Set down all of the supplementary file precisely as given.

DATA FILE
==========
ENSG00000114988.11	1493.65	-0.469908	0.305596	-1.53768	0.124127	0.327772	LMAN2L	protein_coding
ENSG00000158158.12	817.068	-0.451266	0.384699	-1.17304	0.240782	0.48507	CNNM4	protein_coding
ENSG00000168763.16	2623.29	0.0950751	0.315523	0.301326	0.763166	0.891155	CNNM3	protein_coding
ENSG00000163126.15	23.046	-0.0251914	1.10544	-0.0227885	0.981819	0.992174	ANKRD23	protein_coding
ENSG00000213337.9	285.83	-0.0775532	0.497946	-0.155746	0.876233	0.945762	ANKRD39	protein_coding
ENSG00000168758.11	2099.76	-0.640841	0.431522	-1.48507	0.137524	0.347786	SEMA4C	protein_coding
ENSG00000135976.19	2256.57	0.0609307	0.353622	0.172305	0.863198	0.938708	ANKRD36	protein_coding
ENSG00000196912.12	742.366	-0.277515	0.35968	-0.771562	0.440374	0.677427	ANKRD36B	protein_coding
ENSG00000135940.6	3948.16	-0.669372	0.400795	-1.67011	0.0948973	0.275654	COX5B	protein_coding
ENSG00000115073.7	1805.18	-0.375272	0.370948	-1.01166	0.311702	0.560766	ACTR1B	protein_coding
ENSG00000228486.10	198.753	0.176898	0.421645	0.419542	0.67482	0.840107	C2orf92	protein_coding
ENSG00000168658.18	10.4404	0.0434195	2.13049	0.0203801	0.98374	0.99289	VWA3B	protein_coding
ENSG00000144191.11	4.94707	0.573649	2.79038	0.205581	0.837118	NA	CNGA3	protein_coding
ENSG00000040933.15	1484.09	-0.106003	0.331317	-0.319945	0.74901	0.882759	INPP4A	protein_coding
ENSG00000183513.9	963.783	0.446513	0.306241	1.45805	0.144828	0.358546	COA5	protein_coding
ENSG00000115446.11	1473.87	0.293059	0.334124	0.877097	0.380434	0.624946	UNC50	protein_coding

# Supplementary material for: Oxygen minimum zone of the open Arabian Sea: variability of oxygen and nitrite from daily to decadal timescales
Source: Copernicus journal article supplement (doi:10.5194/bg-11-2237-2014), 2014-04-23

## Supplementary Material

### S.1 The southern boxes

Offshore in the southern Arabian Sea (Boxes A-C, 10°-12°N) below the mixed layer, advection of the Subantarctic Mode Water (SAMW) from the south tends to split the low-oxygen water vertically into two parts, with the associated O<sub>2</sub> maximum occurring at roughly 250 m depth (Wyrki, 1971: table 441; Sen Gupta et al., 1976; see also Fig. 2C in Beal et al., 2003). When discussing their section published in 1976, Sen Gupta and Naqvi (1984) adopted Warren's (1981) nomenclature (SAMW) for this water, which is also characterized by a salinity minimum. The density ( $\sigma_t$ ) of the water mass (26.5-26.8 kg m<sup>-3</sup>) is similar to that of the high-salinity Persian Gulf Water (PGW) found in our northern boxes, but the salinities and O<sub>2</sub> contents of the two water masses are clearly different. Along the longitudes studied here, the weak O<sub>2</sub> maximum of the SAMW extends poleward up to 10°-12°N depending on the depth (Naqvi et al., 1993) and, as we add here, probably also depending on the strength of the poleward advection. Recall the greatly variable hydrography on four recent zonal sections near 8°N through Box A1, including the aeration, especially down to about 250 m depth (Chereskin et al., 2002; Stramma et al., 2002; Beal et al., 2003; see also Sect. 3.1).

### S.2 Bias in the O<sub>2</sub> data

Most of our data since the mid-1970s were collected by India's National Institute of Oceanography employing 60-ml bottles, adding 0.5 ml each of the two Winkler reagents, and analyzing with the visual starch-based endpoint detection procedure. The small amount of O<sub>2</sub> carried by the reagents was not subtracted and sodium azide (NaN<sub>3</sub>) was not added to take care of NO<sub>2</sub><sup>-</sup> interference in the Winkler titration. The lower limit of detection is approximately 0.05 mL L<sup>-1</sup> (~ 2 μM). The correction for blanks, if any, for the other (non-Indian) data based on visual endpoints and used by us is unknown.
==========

ENSG00000114988.11	1493.65	-0.469908	0.305596	-1.53768	0.124127	0.327772	LMAN2L	protein_coding
ENSG00000158158.12	817.068	-0.451266	0.384699	-1.17304	0.240782	0.48507	CNNM4	protein_coding
ENSG00000168763.16	2623.29	0.0950751	0.315523	0.301326	0.763166	0.891155	CNNM3	protein_coding
ENSG00000163126.15	23.046	-0.0251914	1.10544	-0.0227885	0.981819	0.992174	ANKRD23	protein_coding
ENSG00000213337.9	285.83	-0.0775532	0.497946	-0.155746	0.876233	0.945762	ANKRD39	protein_coding
ENSG00000168758.11	2099.76	-0.640841	0.431522	-1.48507	0.137524	0.347786	SEMA4C	protein_coding
ENSG00000135976.19	2256.57	0.0609307	0.353622	0.172305	0.863198	0.938708	ANKRD36	protein_coding
ENSG00000196912.12	742.366	-0.277515	0.35968	-0.771562	0.440374	0.677427	ANKRD36B	protein_coding
ENSG00000135940.6	3948.16	-0.669372	0.400795	-1.67011	0.0948973	0.275654	COX5B	protein_coding
ENSG00000115073.7	1805.18	-0.375272	0.370948	-1.01166	0.311702	0.560766	ACTR1B	protein_coding
ENSG00000228486.10	198.753	0.176898	0.421645	0.419542	0.67482	0.840107	C2orf92	protein_coding
ENSG00000168658.18	10.4404	0.0434195	2.13049	0.0203801	0.98374	0.99289	VWA3B	protein_coding
ENSG00000144191.11	4.94707	0.573649	2.79038	0.205581	0.837118	NA	CNGA3	protein_coding
ENSG00000040933.15	1484.09	-0.106003	0.331317	-0.319945	0.74901	0.882759	INPP4A	protein_coding
ENSG00000183513.9	963.783	0.446513	0.306241	1.45805	0.144828	0.358546	COA5	protein_coding
ENSG00000115446.11	1473.87	0.293059	0.334124	0.877097	0.380434	0.624946	UNC50	protein_coding

# Supplementary material for: Oxygen minimum zone of the open Arabian Sea: variability of oxygen and nitrite from daily to decadal timescales
Source: Copernicus journal article supplement (doi:10.5194/bg-11-2237-2014), 2014-04-23

## Supplementary Material

### S.1 The southern boxes

Offshore in the southern Arabian Sea (Boxes A-C, 10°-12°N) below the mixed layer, advection of the Subantarctic Mode Water (SAMW) from the south tends to split the low-oxygen water vertically into two parts, with the associated O<sub>2</sub> maximum occurring at roughly 250 m depth (Wyrki, 1971: table 441; Sen Gupta et al., 1976; see also Fig. 2C in Beal et al., 2003). When discussing their section published in 1976, Sen Gupta and Naqvi (1984) adopted Warren's (1981) nomenclature (SAMW) for this water, which is also characterized by a salinity minimum. The density ( $\sigma_t$ ) of the water mass (26.5-26.8 kg m<sup>-3</sup>) is similar to that of the high-salinity Persian Gulf Water (PGW) found in our northern boxes, but the salinities and O<sub>2</sub> contents of the two water masses are clearly different. Along the longitudes studied here, the weak O<sub>2</sub> maximum of the SAMW extends poleward up to 10°-12°N depending on the depth (Naqvi et al., 1993) and, as we add here, probably also depending on the strength of the poleward advection. Recall the greatly variable hydrography on four recent zonal sections near 8°N through Box A1, including the aeration, especially down to about 250 m depth (Chereskin et al., 2002; Stramma et al., 2002; Beal et al., 2003; see also Sect. 3.1).

### S.2 Bias in the O<sub>2</sub> data

Most of our data since the mid-1970s were collected by India's National Institute of Oceanography employing 60-ml bottles, adding 0.5 ml each of the two Winkler reagents, and analyzing with the visual starch-based endpoint detection procedure. The small amount of O<sub>2</sub> carried by the reagents was not subtracted and sodium azide (NaN<sub>3</sub>) was not added to take care of NO<sub>2</sub><sup>-</sup> interference in the Winkler titration. The lower limit of detection is approximately 0.05 mL L<sup>-1</sup> (~ 2 μM). The correction for blanks, if any, for the other (non-Indian) data based on visual endpoints and used by us is unknown.